Improves Satiety

Many studies have shown those following a keto diet report feeling less hungry. The keto diet is very high in fat and moderate in protein. Both fat and protein are very satisfying nutrients compared to carbs.

However, the ketones produced themselves may reduce the appetite. In other words, when your body transitions to a state of ketosis, these ketones can act as an appetite suppressant.

Burns Belly Fat

There is some evidence regarding the keto diet for burning belly fat. This may be mostly due to the fact that keto is a very low carb diet. Low carb diets have been seen in a few studies to lead to more abdominal fat loss than traditional low-calorie diets.

May Improve Health Markers

In addition to producing weight loss, the keto diet may also improve other non-weight aspects of health. Some examples include decreased triglycerides, lower LDL (the “bad” cholesterol) levels, lower blood glucose (blood sugar) levels, and increased HDL (the “good” cholesterol) levels.

It is important to note that while these benefits have been seen, they have only been studied up to 24 weeks. Therefore it is unknown if these benefits would continue in the long-term.

Many Resources Available

There are a wealth of resources available if you’re looking to start the keto diet. Upon a quick Google search, you’ll come across an array of keto resources. These include keto recipes, keto meal plans, keto diet books, and keto diet tips on how to get started.

When the going gets though this can make things easier and help you find answers to any questions on the diet.

There are even keto meal delivery services out there that can provide keto-friendly meals to fit your diet goals.

Cons of the Keto Diet

While there are some pros to the keto diet, there are equally some surefire cons:

  • Restrictive
  • Not sustainable
  • Expensive
  • Possible side effects
  • Nutritional deficiencies

Restrictive

The keto diet is restrictive in nature, and can be difficult to follow. It also restricts many healthy foods that you may be accustomed to eating. This can leave you feeling unsatisfied.

Many foods that are not allowed on keto are also nutritious foods such as whole grains, beans, and dairy that can assist with weight loss.

Additionally, research has shown that restrictive diets can increase the likelihood of overeating and eating disorders.

Not Sustainable

Because the keto diet is restrictive and difficult to follow in social settings, it’s not very sustainable for most people. It requires a great deal of meal prepping and planning on a daily basis, but may be even more difficult when it comes to eating at a social gathering or restaurant, where carbohydrate-containing meals abound.

And if a diet is not sustainable, it is more likely that you will not be able to follow it long-term and will re-gain the weight back. This is not your fault, this is the fault of the unrealistic diet restrictions themselves!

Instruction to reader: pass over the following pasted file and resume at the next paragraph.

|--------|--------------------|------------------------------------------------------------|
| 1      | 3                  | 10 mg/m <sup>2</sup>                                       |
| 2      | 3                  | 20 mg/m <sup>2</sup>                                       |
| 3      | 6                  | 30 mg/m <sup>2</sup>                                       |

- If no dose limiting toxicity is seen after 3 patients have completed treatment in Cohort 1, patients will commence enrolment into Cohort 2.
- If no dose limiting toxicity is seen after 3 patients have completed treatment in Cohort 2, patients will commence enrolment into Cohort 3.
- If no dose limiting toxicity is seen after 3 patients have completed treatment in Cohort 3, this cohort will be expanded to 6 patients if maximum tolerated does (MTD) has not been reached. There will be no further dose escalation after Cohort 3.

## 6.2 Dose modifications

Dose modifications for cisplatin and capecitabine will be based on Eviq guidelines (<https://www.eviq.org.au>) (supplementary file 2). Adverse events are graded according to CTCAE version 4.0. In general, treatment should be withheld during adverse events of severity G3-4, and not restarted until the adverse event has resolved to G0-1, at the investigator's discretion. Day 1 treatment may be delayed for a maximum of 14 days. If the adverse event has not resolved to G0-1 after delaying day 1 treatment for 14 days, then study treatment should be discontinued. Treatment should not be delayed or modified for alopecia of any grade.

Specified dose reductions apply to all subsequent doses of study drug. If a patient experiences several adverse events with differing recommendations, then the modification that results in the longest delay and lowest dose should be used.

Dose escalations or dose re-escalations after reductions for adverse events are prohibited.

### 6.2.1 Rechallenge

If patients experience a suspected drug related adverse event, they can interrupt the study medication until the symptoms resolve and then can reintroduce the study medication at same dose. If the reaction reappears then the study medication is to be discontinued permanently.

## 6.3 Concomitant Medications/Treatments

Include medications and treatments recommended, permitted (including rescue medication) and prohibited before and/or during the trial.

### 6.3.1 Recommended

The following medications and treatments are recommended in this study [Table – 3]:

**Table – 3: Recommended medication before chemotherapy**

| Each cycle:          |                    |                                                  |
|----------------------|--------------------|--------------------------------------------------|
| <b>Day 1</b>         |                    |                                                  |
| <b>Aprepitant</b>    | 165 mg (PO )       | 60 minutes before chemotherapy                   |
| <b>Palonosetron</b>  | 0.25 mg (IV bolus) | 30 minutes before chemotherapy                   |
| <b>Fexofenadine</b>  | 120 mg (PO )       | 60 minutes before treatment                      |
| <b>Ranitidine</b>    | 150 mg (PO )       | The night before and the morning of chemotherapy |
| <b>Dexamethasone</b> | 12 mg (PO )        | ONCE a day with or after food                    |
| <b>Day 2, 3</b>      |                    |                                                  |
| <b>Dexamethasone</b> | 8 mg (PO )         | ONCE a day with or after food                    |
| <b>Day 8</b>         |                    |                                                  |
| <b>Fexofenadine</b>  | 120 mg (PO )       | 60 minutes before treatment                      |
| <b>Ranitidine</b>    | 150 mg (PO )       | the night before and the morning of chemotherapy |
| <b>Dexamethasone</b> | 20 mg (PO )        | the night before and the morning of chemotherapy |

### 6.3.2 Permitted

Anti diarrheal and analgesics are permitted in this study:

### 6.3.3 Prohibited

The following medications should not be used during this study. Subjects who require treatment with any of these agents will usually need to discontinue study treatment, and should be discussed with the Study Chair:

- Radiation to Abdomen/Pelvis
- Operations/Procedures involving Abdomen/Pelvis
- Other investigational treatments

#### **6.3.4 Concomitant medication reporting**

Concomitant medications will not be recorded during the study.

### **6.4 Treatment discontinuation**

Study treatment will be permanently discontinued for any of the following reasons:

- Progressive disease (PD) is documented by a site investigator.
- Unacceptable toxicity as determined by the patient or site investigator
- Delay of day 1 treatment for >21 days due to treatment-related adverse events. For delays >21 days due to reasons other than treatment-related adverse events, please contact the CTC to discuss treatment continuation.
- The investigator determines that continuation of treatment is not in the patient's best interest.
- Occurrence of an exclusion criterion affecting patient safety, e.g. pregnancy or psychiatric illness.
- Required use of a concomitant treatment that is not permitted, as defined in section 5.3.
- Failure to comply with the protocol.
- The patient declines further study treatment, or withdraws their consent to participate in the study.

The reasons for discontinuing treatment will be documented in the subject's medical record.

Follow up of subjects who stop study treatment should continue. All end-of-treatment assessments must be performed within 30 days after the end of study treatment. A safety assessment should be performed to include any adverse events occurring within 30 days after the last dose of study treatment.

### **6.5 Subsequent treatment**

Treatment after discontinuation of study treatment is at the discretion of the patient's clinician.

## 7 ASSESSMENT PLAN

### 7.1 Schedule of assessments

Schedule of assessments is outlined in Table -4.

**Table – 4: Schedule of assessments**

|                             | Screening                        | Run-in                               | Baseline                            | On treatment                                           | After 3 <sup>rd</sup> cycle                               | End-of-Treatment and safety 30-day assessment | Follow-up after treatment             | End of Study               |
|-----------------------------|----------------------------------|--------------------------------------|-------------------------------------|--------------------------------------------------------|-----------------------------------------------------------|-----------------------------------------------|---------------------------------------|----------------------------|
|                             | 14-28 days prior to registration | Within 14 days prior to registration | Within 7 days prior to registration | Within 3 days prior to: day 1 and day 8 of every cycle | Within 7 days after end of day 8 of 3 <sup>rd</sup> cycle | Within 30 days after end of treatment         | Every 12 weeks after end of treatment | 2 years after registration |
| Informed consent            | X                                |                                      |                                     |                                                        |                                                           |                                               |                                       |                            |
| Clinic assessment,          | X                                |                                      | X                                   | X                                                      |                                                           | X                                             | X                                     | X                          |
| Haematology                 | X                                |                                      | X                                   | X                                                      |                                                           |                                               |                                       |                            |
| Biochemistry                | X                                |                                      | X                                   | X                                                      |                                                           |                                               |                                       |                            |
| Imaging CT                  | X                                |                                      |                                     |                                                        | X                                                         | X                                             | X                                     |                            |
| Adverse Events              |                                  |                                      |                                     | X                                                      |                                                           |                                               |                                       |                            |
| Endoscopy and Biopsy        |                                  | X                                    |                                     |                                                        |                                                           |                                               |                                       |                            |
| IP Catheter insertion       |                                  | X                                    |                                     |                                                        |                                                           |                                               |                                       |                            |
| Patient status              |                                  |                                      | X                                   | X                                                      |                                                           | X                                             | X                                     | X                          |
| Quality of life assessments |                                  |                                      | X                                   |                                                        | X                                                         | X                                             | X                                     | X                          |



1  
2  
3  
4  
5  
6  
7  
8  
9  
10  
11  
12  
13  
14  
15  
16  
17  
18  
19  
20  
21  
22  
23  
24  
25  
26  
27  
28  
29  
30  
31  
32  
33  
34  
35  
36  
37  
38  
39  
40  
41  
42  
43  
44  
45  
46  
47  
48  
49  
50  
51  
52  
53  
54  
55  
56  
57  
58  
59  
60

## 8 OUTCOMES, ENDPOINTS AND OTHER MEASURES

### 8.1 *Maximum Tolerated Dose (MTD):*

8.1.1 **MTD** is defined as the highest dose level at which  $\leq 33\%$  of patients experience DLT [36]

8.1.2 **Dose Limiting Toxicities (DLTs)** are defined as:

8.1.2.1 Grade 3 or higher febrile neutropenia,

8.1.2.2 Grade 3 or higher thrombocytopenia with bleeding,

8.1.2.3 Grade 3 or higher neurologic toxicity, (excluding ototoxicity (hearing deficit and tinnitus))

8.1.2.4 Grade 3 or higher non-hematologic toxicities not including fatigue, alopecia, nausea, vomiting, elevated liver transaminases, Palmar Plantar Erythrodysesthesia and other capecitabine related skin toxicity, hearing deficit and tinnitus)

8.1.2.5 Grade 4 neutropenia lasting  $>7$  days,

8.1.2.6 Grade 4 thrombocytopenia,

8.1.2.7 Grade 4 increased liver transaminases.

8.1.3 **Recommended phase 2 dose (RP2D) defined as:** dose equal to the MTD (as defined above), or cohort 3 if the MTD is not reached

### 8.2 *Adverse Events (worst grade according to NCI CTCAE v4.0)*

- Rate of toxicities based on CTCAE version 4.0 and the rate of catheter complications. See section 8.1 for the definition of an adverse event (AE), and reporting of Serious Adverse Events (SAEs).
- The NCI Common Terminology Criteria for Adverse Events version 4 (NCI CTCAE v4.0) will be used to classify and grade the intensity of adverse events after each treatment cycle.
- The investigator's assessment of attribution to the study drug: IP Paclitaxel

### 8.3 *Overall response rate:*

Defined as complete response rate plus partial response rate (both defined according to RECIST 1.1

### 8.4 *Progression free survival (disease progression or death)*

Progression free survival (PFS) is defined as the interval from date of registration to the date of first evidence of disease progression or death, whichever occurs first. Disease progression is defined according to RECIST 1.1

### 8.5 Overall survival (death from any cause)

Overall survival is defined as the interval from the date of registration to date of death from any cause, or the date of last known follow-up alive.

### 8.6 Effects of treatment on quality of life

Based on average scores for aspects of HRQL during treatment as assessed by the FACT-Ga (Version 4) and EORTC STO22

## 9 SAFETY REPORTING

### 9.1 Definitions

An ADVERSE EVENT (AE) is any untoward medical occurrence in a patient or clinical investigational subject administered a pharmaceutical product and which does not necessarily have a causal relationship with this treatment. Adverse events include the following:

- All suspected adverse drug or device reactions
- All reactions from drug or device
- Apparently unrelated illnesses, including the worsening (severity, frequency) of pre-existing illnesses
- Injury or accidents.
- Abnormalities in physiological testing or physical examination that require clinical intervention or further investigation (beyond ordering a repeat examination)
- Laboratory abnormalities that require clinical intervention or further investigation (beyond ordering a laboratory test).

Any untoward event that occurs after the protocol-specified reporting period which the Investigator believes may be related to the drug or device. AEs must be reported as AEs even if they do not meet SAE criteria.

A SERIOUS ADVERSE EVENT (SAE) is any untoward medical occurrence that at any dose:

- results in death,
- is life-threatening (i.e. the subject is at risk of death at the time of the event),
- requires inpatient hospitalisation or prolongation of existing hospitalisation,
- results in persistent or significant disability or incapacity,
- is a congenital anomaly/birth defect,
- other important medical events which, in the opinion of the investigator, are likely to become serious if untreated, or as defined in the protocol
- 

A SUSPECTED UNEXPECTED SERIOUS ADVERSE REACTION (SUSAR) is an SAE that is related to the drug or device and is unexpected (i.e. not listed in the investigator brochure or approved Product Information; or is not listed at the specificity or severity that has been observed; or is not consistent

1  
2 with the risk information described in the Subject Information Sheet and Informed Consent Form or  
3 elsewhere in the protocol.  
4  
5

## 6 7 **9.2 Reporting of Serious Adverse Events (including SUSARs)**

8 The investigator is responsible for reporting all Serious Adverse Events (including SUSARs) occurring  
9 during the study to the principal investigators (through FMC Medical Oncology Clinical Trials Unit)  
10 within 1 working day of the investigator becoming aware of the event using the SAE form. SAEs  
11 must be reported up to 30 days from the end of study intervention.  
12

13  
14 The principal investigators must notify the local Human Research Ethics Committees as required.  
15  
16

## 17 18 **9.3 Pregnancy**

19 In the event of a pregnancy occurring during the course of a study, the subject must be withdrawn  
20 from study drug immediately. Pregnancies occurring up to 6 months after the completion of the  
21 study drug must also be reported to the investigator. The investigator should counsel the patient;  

Expensive

Going keto can be expensive, especially if you opt for all the healthy fat sources such as coconut, MCT, and avocado oils. These oils can be hard to find, and are significantly more expensive per serving than the typical canola or olive oils (which, by the way, are also super healthy).

Many low-cost nutritious foods like beans, legumes, and whole grains are not allowed on keto. On the contrary, higher cost meats and cheeses are more prevalent.

If you’re on a tight budget – keto may not be for you.

Possible Side Effects

There are several possible keto diet side effects to note that you may experience, especially in the first few weeks. These early symptoms are also known as the “keto flu” and include symptoms such as :

  • Fatigue
  • Irritability
  • Brain Fog
  • Exercise Intolerance/Reduced Stamina
  • Digestive Upset
  • Insomnia
  • Light-headedness
  • Weakness
  • Nausea

Some may only experience these side effects during the first 1-2 weeks, while some may not at all. For some, however, the body doesn’t adjust even in the long-term. If that’s the case, this may be a telltale sign the diet isn’t for you.

Nutritional Deficiencies

Nutritional deficiencies are possible on the keto diet. Because you are avoiding certain food groups, nutrients such as vitamin C and D may be lacking. If you are thinking about going keto, consult with your medical doctor or a Registered Dietitian to help you meet your nutrition needs.

What can I expect if I’m starting a keto diet?

If you decide to try keto, there are a few important things to note before you start.

In the first 2 weeks on a keto diet, you may experience what is called the “Keto flu” where you may develop fatigue, lightheadedness, nausea and headaches.